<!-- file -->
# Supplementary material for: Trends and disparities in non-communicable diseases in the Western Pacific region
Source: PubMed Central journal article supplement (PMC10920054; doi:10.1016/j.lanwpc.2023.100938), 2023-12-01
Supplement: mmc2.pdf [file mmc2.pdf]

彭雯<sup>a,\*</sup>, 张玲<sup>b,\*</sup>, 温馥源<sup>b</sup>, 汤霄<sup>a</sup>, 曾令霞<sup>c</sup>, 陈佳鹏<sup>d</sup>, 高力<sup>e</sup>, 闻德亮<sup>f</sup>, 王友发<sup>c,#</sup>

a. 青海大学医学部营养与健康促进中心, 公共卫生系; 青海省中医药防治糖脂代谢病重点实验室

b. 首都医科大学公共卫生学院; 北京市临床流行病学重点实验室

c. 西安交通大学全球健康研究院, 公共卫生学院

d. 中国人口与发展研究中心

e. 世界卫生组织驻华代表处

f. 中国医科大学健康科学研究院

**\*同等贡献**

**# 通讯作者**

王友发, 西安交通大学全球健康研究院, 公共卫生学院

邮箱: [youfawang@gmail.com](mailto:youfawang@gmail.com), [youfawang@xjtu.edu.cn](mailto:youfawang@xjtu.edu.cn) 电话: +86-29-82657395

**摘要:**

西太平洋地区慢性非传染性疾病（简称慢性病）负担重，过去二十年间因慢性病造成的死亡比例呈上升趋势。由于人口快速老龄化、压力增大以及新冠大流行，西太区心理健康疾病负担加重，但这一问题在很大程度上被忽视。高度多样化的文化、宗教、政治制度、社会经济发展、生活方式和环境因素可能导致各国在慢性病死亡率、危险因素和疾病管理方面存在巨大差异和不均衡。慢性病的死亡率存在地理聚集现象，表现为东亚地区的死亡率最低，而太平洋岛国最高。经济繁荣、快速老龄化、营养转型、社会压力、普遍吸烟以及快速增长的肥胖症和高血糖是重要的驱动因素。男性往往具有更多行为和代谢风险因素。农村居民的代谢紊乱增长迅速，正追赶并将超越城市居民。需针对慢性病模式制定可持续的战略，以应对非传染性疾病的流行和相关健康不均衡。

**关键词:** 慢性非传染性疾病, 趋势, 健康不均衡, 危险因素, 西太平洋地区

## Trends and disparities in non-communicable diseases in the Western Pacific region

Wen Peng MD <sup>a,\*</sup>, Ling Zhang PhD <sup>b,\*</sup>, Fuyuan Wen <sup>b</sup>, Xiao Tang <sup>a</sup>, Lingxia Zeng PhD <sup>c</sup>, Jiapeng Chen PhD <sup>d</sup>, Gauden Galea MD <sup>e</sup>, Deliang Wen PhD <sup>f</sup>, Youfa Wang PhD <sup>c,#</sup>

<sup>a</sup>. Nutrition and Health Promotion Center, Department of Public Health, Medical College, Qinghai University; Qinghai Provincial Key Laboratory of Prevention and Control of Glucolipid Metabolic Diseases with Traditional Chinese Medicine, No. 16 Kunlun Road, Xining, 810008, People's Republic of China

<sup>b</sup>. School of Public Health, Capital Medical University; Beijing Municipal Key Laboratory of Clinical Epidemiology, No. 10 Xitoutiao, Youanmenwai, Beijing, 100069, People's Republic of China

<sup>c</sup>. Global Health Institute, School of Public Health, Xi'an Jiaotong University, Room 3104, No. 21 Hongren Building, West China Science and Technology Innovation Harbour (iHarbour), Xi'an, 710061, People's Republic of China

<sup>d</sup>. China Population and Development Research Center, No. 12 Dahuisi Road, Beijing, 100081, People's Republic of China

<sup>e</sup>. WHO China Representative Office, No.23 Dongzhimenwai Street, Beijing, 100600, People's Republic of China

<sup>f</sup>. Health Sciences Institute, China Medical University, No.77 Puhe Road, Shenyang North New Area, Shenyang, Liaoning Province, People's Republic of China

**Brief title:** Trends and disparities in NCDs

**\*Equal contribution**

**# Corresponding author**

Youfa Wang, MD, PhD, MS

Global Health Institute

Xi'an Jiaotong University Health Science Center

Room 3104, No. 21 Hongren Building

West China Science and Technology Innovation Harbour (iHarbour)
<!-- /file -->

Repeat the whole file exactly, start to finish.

# Supplementary material for: Trends and disparities in non-communicable diseases in the Western Pacific region
Source: PubMed Central journal article supplement (PMC10920054; doi:10.1016/j.lanwpc.2023.100938), 2023-12-01
Supplement: mmc2.pdf [file mmc2.pdf]

彭雯<sup>a,\*</sup>, 张玲<sup>b,\*</sup>, 温馥源<sup>b</sup>, 汤霄<sup>a</sup>, 曾令霞<sup>c</sup>, 陈佳鹏<sup>d</sup>, 高力<sup>e</sup>, 闻德亮<sup>f</sup>, 王友发<sup>c,#</sup>

a. 青海大学医学部营养与健康促进中心, 公共卫生系; 青海省中医药防治糖脂代谢病重点实验室

b. 首都医科大学公共卫生学院; 北京市临床流行病学重点实验室

c. 西安交通大学全球健康研究院, 公共卫生学院

d. 中国人口与发展研究中心

e. 世界卫生组织驻华代表处

f. 中国医科大学健康科学研究院

**\*同等贡献**

**# 通讯作者**

王友发, 西安交通大学全球健康研究院, 公共卫生学院

邮箱: [youfawang@gmail.com](mailto:youfawang@gmail.com), [youfawang@xjtu.edu.cn](mailto:youfawang@xjtu.edu.cn) 电话: +86-29-82657395

**摘要:**

西太平洋地区慢性非传染性疾病（简称慢性病）负担重，过去二十年间因慢性病造成的死亡比例呈上升趋势。由于人口快速老龄化、压力增大以及新冠大流行，西太区心理健康疾病负担加重，但这一问题在很大程度上被忽视。高度多样化的文化、宗教、政治制度、社会经济发展、生活方式和环境因素可能导致各国在慢性病死亡率、危险因素和疾病管理方面存在巨大差异和不均衡。慢性病的死亡率存在地理聚集现象，表现为东亚地区的死亡率最低，而太平洋岛国最高。经济繁荣、快速老龄化、营养转型、社会压力、普遍吸烟以及快速增长的肥胖症和高血糖是重要的驱动因素。男性往往具有更多行为和代谢风险因素。农村居民的代谢紊乱增长迅速，正追赶并将超越城市居民。需针对慢性病模式制定可持续的战略，以应对非传染性疾病的流行和相关健康不均衡。

**关键词:** 慢性非传染性疾病, 趋势, 健康不均衡, 危险因素, 西太平洋地区

## Trends and disparities in non-communicable diseases in the Western Pacific region

Wen Peng MD <sup>a,\*</sup>, Ling Zhang PhD <sup>b,\*</sup>, Fuyuan Wen <sup>b</sup>, Xiao Tang <sup>a</sup>, Lingxia Zeng PhD <sup>c</sup>, Jiapeng Chen PhD <sup>d</sup>, Gauden Galea MD <sup>e</sup>, Deliang Wen PhD <sup>f</sup>, Youfa Wang PhD <sup>c,#</sup>

<sup>a</sup>. Nutrition and Health Promotion Center, Department of Public Health, Medical College, Qinghai University; Qinghai Provincial Key Laboratory of Prevention and Control of Glucolipid Metabolic Diseases with Traditional Chinese Medicine, No. 16 Kunlun Road, Xining, 810008, People's Republic of China

<sup>b</sup>. School of Public Health, Capital Medical University; Beijing Municipal Key Laboratory of Clinical Epidemiology, No. 10 Xitoutiao, Youanmenwai, Beijing, 100069, People's Republic of China

<sup>c</sup>. Global Health Institute, School of Public Health, Xi'an Jiaotong University, Room 3104, No. 21 Hongren Building, West China Science and Technology Innovation Harbour (iHarbour), Xi'an, 710061, People's Republic of China

<sup>d</sup>. China Population and Development Research Center, No. 12 Dahuisi Road, Beijing, 100081, People's Republic of China

<sup>e</sup>. WHO China Representative Office, No.23 Dongzhimenwai Street, Beijing, 100600, People's Republic of China

<sup>f</sup>. Health Sciences Institute, China Medical University, No.77 Puhe Road, Shenyang North New Area, Shenyang, Liaoning Province, People's Republic of China

**Brief title:** Trends and disparities in NCDs

**\*Equal contribution**

**# Corresponding author**

Youfa Wang, MD, PhD, MS

Global Health Institute

Xi'an Jiaotong University Health Science Center

Room 3104, No. 21 Hongren Building

West China Science and Technology Innovation Harbour (iHarbour)